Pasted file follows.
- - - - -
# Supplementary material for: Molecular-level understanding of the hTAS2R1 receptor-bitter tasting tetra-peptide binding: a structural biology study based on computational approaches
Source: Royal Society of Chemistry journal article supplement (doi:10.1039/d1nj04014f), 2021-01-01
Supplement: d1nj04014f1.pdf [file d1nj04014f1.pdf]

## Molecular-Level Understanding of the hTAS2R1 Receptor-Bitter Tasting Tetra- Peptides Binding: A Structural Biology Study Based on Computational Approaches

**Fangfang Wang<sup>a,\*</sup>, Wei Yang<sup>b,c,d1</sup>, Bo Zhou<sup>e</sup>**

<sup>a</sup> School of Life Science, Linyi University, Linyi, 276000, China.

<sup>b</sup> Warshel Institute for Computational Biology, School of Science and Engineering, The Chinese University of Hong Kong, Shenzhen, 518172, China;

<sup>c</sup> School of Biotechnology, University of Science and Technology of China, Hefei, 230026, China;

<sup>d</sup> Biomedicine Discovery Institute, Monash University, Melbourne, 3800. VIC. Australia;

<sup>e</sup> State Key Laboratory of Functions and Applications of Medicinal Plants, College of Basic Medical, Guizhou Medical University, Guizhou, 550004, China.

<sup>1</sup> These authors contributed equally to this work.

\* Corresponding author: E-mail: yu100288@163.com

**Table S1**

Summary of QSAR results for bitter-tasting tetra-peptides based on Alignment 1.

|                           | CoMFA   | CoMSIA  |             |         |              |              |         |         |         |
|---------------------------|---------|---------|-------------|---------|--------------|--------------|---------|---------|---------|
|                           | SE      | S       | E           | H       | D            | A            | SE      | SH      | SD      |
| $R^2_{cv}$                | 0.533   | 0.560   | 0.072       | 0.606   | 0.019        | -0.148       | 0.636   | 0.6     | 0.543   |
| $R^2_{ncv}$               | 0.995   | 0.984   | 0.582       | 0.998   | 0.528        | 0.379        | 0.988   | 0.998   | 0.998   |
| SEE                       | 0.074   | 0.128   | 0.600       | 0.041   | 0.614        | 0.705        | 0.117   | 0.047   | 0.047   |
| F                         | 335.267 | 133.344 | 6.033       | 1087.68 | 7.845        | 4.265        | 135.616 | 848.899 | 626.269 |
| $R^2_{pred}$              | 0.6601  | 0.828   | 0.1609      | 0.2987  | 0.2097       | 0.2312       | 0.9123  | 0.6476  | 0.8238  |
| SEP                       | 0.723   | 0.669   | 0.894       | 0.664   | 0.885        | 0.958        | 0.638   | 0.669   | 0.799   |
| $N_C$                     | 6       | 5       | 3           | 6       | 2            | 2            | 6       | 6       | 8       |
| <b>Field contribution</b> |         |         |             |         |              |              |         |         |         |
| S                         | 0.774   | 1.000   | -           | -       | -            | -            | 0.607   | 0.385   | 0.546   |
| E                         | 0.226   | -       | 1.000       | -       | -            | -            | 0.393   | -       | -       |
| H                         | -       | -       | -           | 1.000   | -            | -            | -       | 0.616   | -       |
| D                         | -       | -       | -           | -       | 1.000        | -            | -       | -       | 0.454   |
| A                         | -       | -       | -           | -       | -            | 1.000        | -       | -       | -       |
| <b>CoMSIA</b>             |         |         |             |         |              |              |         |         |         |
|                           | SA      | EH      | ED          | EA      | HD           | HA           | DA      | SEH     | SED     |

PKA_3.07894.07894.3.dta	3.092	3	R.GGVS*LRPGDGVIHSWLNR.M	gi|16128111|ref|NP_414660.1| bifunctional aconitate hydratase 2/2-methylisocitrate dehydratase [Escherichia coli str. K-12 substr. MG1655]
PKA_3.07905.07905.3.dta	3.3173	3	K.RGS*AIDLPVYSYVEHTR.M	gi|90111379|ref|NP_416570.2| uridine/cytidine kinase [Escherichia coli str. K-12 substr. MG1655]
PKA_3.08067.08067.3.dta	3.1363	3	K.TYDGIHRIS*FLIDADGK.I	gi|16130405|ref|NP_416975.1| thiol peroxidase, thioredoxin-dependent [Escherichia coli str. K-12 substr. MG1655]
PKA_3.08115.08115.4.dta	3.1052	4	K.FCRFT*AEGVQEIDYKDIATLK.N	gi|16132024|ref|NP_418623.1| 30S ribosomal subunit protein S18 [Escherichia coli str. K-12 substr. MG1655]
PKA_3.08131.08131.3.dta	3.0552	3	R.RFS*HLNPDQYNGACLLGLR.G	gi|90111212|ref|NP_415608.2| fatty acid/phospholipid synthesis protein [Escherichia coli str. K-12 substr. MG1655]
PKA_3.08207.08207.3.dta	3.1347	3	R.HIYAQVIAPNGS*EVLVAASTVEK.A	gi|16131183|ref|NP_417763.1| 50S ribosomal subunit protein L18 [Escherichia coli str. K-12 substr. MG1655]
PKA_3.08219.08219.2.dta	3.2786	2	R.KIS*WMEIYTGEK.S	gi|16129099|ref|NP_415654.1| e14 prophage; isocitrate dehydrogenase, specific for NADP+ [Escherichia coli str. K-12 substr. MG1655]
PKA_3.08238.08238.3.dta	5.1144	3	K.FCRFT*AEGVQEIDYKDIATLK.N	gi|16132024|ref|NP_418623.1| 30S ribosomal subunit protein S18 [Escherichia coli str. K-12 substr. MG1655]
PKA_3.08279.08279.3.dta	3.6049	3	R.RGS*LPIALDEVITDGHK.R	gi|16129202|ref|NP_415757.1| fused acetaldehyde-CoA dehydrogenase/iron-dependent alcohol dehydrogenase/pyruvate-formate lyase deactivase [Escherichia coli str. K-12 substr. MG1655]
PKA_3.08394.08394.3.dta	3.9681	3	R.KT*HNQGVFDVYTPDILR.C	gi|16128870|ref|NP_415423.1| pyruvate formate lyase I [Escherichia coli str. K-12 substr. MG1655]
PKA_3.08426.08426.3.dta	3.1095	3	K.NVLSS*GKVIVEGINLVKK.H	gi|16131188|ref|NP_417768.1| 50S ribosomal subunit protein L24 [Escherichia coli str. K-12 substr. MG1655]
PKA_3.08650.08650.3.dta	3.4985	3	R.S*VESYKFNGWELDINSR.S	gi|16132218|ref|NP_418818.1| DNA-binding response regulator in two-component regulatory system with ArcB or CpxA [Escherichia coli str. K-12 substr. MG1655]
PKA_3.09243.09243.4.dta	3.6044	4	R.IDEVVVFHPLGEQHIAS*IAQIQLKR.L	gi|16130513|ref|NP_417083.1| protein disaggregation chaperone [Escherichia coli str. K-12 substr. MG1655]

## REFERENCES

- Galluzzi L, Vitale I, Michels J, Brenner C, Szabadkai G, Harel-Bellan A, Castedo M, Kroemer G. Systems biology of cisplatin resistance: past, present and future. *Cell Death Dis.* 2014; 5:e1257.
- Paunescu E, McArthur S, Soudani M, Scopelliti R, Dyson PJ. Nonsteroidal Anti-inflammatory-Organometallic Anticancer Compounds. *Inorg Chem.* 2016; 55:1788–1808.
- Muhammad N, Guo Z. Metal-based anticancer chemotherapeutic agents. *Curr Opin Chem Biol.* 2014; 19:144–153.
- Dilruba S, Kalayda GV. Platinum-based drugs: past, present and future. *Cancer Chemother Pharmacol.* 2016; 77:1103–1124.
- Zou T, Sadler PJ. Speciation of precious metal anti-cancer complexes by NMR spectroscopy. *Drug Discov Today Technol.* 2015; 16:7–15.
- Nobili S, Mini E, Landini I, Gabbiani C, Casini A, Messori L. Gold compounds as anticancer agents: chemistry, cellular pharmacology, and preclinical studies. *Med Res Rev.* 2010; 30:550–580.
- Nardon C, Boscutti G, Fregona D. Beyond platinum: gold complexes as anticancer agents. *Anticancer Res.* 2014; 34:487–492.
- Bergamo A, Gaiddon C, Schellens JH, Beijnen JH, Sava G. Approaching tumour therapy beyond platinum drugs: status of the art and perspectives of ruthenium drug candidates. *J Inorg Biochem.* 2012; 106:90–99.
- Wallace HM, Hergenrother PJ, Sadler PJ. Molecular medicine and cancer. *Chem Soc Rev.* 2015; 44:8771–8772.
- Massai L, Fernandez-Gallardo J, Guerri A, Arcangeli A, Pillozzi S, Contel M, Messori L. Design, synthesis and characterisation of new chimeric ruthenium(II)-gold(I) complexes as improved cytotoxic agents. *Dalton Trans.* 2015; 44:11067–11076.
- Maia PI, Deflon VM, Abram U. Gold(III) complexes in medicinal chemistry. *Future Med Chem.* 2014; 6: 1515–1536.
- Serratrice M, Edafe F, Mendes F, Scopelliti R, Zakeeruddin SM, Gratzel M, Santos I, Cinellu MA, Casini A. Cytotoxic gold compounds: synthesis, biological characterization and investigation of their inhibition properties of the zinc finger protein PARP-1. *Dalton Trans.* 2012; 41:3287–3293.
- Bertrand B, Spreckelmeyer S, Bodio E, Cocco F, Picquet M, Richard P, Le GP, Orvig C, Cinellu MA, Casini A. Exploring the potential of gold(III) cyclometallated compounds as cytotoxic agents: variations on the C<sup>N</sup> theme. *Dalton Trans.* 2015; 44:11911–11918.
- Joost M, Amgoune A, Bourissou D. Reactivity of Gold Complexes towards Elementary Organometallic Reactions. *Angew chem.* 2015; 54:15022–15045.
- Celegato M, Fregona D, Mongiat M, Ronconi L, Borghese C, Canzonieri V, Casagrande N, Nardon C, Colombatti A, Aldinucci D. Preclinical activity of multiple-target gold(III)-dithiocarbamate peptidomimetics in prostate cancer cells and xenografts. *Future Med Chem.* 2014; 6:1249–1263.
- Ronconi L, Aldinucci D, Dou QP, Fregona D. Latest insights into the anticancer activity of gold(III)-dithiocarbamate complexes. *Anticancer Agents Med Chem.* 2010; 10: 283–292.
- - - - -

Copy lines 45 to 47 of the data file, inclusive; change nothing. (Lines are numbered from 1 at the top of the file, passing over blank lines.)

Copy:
PKA_3.09243.09243.4.dta	3.6044	4	R.IDEVVVFHPLGEQHIAS*IAQIQLKR.L	gi|16130513|ref|NP_417083.1| protein disaggregation chaperone [Escherichia coli str. K-12 substr. MG1655]

## REFERENCES

- Galluzzi L, Vitale I, Michels J, Brenner C, Szabadkai G, Harel-Bellan A, Castedo M, Kroemer G. Systems biology of cisplatin resistance: past, present and future. *Cell Death Dis.* 2014; 5:e1257.